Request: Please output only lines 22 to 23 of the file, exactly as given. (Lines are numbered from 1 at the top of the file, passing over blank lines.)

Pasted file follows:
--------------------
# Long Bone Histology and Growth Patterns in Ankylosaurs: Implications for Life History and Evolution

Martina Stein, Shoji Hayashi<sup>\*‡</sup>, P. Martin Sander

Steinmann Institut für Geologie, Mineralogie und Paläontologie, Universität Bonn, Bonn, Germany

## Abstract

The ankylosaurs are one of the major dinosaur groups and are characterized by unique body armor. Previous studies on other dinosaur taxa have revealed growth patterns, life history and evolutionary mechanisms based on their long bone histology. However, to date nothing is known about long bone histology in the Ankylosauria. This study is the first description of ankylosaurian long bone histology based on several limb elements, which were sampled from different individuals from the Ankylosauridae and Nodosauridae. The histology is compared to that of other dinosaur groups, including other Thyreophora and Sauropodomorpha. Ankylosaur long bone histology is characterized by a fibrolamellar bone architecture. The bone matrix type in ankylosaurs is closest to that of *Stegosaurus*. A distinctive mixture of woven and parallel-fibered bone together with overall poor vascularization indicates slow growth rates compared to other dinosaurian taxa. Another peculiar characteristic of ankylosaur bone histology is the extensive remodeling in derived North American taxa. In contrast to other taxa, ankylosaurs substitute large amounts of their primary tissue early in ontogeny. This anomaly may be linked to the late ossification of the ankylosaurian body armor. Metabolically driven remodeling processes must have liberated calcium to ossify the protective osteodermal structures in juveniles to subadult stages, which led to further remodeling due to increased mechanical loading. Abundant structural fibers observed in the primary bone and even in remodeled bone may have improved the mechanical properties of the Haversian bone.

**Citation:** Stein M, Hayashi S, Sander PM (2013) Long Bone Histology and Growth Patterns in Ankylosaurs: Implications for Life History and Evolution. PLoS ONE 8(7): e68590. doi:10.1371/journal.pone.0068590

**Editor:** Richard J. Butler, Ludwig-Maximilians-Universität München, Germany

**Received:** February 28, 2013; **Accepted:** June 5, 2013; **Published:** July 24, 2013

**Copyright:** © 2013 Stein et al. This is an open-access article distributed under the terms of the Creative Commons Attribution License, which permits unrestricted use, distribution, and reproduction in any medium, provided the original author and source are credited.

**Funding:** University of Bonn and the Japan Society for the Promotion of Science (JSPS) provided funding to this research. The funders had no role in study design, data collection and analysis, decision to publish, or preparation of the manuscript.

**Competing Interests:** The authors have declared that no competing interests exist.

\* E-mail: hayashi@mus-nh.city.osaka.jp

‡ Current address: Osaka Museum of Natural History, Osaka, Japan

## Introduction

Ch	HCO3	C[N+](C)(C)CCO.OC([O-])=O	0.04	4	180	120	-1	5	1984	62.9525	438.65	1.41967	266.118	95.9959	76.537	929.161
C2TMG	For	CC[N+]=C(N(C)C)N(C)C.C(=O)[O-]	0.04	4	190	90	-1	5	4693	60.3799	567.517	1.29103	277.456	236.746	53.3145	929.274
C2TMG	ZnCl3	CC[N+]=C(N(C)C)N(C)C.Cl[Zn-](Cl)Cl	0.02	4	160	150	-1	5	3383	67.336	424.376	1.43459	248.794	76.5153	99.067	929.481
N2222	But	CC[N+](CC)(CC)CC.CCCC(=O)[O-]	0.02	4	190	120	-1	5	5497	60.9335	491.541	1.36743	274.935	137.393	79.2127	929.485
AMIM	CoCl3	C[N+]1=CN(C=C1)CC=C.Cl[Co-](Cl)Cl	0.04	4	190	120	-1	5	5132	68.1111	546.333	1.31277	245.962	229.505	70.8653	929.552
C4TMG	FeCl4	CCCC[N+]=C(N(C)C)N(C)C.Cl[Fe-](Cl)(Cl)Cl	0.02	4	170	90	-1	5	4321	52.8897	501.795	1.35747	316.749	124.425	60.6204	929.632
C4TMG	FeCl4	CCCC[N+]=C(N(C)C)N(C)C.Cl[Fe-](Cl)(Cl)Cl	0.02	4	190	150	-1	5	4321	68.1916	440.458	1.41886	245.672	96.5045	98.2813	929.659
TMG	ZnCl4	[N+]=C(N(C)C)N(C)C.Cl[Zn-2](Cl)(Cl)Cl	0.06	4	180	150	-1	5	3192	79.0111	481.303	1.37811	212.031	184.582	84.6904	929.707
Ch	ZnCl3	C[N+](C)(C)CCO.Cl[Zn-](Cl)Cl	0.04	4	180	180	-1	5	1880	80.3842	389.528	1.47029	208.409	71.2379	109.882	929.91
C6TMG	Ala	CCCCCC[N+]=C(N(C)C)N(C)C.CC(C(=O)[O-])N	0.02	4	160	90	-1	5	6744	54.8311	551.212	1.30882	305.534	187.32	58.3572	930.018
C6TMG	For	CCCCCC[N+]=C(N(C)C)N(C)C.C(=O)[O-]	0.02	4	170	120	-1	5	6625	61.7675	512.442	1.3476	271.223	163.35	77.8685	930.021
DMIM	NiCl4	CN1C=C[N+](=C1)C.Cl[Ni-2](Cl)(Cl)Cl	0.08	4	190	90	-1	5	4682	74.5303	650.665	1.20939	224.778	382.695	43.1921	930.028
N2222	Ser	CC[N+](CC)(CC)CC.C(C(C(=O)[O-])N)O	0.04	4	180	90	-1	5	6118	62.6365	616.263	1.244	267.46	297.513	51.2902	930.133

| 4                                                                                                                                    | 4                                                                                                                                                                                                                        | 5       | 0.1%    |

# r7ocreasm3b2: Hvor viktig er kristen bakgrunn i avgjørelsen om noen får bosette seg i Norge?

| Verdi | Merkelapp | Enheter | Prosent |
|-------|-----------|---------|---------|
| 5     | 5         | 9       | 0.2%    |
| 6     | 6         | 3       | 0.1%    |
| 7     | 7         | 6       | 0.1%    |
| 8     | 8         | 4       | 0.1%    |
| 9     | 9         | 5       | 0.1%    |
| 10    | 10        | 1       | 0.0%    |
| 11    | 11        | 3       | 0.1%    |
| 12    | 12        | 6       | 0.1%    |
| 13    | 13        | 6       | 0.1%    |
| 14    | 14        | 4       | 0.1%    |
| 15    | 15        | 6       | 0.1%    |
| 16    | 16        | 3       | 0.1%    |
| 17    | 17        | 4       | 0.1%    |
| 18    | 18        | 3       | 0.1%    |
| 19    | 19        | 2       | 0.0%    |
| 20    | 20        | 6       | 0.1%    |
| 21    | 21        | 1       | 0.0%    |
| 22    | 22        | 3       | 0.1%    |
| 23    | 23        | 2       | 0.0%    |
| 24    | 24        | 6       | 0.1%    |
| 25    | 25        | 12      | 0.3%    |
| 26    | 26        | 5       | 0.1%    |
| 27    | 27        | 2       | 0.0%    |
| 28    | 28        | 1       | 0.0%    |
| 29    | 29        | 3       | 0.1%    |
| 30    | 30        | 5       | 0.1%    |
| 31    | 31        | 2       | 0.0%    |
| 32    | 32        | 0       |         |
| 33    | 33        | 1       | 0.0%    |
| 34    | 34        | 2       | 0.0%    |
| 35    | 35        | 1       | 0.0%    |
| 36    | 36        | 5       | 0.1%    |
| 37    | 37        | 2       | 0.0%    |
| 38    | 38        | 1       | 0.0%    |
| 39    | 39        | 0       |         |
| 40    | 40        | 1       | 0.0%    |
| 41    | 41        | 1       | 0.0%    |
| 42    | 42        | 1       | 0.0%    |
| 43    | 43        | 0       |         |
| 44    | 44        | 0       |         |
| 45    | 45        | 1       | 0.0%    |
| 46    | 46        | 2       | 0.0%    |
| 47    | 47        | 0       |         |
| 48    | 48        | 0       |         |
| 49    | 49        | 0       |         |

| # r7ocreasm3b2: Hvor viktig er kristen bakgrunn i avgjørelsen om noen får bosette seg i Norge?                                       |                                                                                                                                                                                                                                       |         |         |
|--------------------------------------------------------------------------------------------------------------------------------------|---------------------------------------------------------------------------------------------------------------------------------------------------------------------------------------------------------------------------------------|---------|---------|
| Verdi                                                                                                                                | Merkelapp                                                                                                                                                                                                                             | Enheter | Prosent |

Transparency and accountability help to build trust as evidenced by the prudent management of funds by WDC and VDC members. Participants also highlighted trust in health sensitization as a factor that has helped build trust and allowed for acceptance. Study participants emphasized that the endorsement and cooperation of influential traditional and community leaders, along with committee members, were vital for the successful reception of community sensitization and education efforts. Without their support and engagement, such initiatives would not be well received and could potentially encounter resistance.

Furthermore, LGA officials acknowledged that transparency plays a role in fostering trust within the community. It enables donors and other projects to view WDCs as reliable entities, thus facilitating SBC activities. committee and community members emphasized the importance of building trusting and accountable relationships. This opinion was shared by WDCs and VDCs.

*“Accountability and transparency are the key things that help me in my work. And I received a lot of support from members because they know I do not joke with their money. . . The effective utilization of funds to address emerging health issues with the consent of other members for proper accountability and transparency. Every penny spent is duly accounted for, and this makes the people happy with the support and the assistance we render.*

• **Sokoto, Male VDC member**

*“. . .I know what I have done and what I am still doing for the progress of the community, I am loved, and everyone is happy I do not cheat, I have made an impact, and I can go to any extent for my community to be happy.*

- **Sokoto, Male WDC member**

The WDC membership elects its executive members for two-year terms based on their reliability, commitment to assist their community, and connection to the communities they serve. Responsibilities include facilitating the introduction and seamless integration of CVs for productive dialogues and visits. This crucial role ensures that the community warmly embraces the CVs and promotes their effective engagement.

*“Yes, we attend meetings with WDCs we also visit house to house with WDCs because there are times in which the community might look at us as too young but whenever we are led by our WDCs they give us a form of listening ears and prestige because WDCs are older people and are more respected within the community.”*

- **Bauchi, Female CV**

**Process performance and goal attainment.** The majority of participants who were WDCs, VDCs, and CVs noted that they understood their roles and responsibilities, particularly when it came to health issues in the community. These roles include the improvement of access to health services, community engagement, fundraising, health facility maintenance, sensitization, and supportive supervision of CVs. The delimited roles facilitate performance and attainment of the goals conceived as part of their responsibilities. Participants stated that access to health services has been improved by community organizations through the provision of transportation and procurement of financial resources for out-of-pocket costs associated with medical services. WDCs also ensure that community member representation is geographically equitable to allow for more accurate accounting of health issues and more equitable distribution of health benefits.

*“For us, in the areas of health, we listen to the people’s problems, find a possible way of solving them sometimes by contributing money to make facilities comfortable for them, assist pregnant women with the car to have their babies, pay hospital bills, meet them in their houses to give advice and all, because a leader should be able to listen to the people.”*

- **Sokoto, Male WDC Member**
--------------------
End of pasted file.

TMG	ZnCl4	[N+]=C(N(C)C)N(C)C.Cl[Zn-2](Cl)(Cl)Cl	0.06	4	180	150	-1	5	3192	79.0111	481.303	1.37811	212.031	184.582	84.6904	929.707
Ch	ZnCl3	C[N+](C)(C)CCO.Cl[Zn-](Cl)Cl	0.04	4	180	180	-1	5	1880	80.3842	389.528	1.47029	208.409	71.2379	109.882	929.91